Common Forms of Tendinitis: A Quick Guide

August 21, 2015 by dccinc

A tendon is a cord-like material that attaches muscle to bone. When a you flex a muscle the tendon pulls on the bone and movement is achieved. On occasion a tendon is asked to do too much and breaks down resulting in pain and inflammation. This condition is known as “tendinitis” and it afflicts millions of people each year. It is not often serious although significant rest may be required to make a full and effective recovery, depending on the tendon in question. (Find out here if you are eligible for disability tax credit if you suffer from tendinitis).

For the purposes of this article we’re going to confine the discussion to the most common forms of the condition and its causes but it should be noted that, while tendinitis most often results from repetitive stress, that is not the only possible cause. Some other possible triggers include:

  • Poor Posture
  • Diabetes
  • Rheumatoid Arthritis
  • Skeletal Deformities
  • Gout
  • Medical Side Effects

Because it most often involves the inflammation of a joint, tendinitis is sometimes mistaken for arthritis and vice versa. Therefore it is important to get a proper medical diagnosis before embarking on a treatment regimen.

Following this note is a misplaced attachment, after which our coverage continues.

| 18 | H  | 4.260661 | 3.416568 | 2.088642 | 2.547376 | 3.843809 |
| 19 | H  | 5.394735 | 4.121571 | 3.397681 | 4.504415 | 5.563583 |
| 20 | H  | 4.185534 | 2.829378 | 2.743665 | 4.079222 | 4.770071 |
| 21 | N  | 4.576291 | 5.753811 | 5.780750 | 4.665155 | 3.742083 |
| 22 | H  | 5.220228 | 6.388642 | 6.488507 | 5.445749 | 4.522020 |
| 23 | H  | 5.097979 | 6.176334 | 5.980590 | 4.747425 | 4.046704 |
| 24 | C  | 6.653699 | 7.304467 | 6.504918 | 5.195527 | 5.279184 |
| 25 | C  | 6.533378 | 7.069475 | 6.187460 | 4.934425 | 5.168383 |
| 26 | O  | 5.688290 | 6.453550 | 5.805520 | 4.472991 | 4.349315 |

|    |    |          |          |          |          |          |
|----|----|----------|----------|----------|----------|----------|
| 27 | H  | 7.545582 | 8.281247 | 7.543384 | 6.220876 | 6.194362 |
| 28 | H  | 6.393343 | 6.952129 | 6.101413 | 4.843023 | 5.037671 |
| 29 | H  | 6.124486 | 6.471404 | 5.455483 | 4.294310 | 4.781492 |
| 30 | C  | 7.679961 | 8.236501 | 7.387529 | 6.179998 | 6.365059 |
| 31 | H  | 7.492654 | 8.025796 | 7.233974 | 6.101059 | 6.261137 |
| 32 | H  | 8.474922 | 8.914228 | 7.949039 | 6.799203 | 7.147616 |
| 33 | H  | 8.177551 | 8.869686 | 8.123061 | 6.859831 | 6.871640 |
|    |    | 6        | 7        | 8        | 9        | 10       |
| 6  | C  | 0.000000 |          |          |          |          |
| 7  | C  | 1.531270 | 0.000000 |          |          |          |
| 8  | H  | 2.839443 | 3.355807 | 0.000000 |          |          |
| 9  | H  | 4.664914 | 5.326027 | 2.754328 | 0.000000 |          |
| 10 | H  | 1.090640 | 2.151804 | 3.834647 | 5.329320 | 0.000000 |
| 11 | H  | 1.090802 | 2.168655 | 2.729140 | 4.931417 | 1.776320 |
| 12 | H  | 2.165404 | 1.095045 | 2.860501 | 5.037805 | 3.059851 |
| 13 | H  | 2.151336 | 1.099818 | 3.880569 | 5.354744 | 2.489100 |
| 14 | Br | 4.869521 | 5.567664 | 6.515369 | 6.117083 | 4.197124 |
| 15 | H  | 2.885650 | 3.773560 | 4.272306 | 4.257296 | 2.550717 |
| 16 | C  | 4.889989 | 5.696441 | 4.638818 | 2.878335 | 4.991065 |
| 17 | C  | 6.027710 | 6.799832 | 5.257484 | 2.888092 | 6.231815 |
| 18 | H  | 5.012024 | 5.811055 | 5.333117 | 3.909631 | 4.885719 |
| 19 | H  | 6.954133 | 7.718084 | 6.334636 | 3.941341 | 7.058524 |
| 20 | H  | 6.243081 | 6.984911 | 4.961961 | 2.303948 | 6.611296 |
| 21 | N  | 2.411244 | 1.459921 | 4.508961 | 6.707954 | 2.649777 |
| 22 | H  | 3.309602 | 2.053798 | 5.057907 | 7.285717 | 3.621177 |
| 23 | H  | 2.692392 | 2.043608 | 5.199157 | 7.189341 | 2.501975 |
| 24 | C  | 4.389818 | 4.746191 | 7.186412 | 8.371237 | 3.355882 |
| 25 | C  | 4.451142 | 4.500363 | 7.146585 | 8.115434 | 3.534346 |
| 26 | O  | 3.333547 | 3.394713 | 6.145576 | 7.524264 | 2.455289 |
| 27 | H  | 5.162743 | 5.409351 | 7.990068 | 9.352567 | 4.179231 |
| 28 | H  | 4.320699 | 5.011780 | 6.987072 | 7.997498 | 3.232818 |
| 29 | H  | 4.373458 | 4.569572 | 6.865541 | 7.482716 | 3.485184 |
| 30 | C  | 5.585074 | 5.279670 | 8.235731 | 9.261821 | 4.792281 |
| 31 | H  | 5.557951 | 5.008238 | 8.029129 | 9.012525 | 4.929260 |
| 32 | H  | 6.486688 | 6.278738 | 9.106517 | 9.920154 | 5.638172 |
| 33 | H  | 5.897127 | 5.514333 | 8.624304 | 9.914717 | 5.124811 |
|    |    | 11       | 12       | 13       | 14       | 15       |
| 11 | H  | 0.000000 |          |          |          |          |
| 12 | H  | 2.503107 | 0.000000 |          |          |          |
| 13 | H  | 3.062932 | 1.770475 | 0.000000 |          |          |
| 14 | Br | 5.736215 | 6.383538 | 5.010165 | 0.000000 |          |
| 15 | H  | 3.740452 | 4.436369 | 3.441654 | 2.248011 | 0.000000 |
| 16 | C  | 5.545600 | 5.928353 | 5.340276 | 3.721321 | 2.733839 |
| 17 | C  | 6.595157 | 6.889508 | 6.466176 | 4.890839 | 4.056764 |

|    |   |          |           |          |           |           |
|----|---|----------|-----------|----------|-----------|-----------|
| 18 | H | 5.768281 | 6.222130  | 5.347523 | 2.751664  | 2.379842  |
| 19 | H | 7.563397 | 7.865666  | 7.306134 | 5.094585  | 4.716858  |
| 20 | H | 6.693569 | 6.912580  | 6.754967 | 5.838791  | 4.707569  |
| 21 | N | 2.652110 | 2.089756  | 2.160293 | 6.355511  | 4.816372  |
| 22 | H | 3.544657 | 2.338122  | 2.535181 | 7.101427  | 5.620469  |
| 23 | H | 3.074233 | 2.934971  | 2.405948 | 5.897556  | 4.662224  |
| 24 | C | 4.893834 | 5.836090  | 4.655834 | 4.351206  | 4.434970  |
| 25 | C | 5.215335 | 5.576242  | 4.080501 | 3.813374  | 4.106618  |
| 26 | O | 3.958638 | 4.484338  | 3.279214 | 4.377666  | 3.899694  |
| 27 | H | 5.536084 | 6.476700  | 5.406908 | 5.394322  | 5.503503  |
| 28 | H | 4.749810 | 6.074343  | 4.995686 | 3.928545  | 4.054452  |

Most Commonly Diagnosed Forms of Tendinitis

Although any tendon in the body is a candidate for developing the condition it is most common in the tendons around the elbows, shoulders, knees and wrists. And while any person is a possible candidate to be afflicted, the fact is that athletes and others who are physically active are far more likely to develop the condition than those who are physically inactive. With that in mind here is a list of some of the more common forms of tendinitis.

  • Shoulder – Baseball pitchers commonly develop tendon problems in their shoulder by lifting their arms above their head hundreds of times a day in the normal course of executing their pitching motion. The motion looks harmless enough on television but puts enormous stress on the tendons of the shoulder. Swimmers are also common sufferers of this form of tendon disorder as are carpenters, weight lifters and steel workers.
  • Elbow – Commonly referred to as ‘tennis elbow’, this form of the condition is caused by repetitive stress on the muscles of the lower arm resulting in inflammation of the tendons that attach forearm muscles to the elbow. Tennis players, golfers and even arm wrestlers are prone to developing “tennis elbow” which can often lead to prolonged periods of inactivity for them.
  • Patellar – The patellar tendon connects your kneecap to your shin. People who do a lot of jumping (athletes, cheerleaders, dancers) are susceptible to overworking the patellar tendon and developing problems in the knee joint. When it manifests in the knee the condition can require extensive physical therapy since so much of the body’s load bearing responsibility resides there.